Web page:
KK: Every one who lived in a refugee camp was living in limitation. You could not go outside or pass the border of the camp without permission, and all the foods were supplied by the United Nations to the camp and then distributed to all of us. SV: Who were the distributors? KK: They were organized of Lao refugee volunteers who were supervised by the Thai officers in the camp, and all Lao volunteers provided the food to one another. SV: By that time in the camp did you meet or reunite with your family? KK: In the camp? Yes. SV: Could you tell me more about that? KK: I met my wife in the refugee camp and was married over there, and then we came to the United States. SV: Would you tell me more? I am interested in [family life] in the camp. KK: How can I truly tell you? Life in the refugee camp and getting married there was not too much fun [with] celebration, but we both knew we loved each other, we understood our situation, because of our culture we just married with a Baci ceremony. Over there [in the refugee camp] was not our hometown in Laos. We left the refugee camp in Thailand to resettle in Warroad, Minnesota, which is my first place in the US. SV: So you had a direct flight to Warroad, Minnesota? KK: No, I first landed in Grand Forks, North Dakota. SV: Did you have a sponsor? If so, who was your sponsor? KK: Yes, our sponsor was an American family who worked for the church. SV: Was it a Lutheran Church? KK: Yes, Lutheran church. You know I have been resettled in this town, and I’ve never moved anywhere else. After having resettled here for about a year, I became employed by Marvin to make the doors and windows. They’re the only big factory in town. There were not many of us at that time, about 30 Lao families here and we worked for Marvin. SV: What is the population of the Lao here?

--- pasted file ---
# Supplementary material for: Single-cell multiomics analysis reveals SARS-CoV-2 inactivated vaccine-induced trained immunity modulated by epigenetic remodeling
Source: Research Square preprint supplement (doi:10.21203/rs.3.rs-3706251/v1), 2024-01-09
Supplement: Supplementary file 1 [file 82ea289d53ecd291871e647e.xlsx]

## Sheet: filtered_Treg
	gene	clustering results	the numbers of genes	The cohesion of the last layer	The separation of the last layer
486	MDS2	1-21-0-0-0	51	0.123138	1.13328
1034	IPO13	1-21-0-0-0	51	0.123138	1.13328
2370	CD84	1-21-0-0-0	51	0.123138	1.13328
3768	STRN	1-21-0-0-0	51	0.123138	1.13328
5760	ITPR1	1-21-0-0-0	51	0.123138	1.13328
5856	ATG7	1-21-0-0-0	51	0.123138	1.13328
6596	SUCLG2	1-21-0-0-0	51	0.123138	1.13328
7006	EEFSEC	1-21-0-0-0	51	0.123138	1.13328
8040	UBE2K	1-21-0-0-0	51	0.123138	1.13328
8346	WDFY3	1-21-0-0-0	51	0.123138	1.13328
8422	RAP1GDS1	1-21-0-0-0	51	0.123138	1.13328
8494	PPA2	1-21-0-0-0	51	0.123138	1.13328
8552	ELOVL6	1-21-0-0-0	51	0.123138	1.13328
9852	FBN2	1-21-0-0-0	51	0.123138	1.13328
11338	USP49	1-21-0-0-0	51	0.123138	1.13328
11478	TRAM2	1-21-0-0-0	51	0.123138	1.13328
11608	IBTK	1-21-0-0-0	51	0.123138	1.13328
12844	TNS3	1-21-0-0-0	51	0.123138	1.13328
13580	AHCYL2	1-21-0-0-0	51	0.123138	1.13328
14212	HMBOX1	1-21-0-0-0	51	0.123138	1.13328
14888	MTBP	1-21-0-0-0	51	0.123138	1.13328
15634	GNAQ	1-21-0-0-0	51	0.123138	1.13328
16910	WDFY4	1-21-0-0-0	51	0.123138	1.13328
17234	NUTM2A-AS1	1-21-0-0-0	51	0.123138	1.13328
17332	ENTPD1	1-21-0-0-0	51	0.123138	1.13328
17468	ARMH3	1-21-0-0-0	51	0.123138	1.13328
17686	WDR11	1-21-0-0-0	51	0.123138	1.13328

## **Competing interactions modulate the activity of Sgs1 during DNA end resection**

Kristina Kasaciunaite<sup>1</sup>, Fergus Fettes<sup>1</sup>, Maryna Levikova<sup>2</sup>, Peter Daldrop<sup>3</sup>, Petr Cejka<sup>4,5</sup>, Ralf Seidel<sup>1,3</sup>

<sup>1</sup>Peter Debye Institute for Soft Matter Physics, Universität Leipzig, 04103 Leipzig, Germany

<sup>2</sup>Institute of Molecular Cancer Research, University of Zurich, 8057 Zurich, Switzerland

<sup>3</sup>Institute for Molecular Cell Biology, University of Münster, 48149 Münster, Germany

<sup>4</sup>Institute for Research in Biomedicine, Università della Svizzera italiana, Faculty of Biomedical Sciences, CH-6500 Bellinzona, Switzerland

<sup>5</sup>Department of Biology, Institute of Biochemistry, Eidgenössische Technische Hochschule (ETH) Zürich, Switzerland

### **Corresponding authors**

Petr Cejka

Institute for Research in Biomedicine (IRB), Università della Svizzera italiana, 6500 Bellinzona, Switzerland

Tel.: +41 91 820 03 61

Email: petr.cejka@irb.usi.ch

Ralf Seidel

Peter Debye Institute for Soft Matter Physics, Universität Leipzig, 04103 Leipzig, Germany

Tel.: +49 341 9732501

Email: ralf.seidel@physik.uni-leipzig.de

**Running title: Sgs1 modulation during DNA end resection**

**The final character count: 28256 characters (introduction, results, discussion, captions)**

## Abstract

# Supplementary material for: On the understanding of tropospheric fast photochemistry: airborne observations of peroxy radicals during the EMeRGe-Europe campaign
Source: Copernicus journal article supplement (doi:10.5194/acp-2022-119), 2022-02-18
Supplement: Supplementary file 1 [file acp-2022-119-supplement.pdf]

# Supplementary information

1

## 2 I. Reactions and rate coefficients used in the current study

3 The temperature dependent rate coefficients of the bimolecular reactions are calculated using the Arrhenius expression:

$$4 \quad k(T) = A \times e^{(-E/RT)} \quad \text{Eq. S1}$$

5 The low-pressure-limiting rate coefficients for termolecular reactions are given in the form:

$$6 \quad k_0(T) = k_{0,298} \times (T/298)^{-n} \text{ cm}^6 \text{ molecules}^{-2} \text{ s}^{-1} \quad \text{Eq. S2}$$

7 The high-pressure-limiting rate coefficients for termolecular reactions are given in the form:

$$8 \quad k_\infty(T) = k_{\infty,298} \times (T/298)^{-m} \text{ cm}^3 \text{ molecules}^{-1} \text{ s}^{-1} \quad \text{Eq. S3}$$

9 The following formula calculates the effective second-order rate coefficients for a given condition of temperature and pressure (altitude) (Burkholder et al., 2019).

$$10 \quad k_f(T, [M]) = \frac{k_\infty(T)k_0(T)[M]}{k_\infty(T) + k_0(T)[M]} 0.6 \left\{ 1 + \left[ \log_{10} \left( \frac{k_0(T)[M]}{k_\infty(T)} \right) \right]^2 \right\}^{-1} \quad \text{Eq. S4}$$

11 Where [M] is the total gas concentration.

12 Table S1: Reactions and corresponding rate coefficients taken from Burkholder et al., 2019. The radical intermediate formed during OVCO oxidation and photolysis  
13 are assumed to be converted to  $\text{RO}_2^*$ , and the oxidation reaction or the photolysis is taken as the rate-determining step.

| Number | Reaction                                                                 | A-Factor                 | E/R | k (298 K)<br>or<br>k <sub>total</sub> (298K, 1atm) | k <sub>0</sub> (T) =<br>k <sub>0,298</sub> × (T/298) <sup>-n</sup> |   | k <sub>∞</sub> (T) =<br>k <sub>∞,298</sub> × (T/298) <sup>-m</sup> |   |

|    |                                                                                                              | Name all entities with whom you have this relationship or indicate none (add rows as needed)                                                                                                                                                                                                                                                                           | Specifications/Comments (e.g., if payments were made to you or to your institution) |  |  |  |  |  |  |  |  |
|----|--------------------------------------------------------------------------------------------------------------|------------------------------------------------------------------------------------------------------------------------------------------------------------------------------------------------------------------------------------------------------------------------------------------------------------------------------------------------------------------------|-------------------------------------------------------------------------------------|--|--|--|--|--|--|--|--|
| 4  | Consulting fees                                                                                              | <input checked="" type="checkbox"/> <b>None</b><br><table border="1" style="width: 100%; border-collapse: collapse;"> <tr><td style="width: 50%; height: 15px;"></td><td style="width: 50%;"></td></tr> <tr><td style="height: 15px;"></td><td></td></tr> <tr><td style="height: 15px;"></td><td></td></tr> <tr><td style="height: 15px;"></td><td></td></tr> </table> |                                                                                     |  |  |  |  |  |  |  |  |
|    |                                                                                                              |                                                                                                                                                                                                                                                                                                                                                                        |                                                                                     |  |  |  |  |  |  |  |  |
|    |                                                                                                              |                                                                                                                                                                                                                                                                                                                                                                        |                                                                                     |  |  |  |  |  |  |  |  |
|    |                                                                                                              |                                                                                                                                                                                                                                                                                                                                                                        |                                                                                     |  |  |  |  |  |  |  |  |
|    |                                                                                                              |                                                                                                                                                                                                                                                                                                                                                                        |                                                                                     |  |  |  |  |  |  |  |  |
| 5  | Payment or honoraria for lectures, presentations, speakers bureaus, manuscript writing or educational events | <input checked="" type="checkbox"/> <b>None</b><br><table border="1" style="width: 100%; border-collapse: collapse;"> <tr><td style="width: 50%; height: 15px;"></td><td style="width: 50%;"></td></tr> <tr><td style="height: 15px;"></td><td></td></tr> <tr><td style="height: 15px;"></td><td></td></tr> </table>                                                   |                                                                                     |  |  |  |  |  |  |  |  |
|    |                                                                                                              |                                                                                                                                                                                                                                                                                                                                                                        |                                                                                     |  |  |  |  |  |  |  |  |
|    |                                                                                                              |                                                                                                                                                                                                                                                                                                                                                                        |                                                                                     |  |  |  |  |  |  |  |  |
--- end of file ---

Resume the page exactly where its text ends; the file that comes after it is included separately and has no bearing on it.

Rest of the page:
KK: By now there are about 60 families. And I’ve worked for this company since I’ve been here so of course, I am proud to have a permanent job to support my family. It’s almost been 20 years that I’ve been working with this company. SV: Have you been back to Laos? KK: Yes, once, 5 years ago. SV: How did you felt when you back in Laos? KK: I was excited and very happy to see my parent, my sisters, and my brothers that I’ve missed for years. That’s about it. I’d like to tell you about my home town which is located in the Southern part of Laos. There were plain lands of farms and we lived in the rural area where most people are farmers and they have a good living over there. SV: How many sisters and brother do you have? KK: There are nine persons including me. SV: Could you tell me about them? KK: My older sister died years ago, but I still have my older brother name Southanong and family in Southern part of Laos such as Parkse, Laos. Another one still lives in my hometown, but all the siblings who hadn’t died have resettled in the capital city of Vientiane, Laos. SV: Are you only one from your family who lives in Warroad, Minnesota? KK: Yes, only me from my family. SV: You told me that you’ve never been to a seminar camp, is that correct? KK: Yes, it’s right, because at that time I was a young student, and still lived with my parents. [Mr. Kounlavong motioned for the interview to end.] SV: Thank you for your time.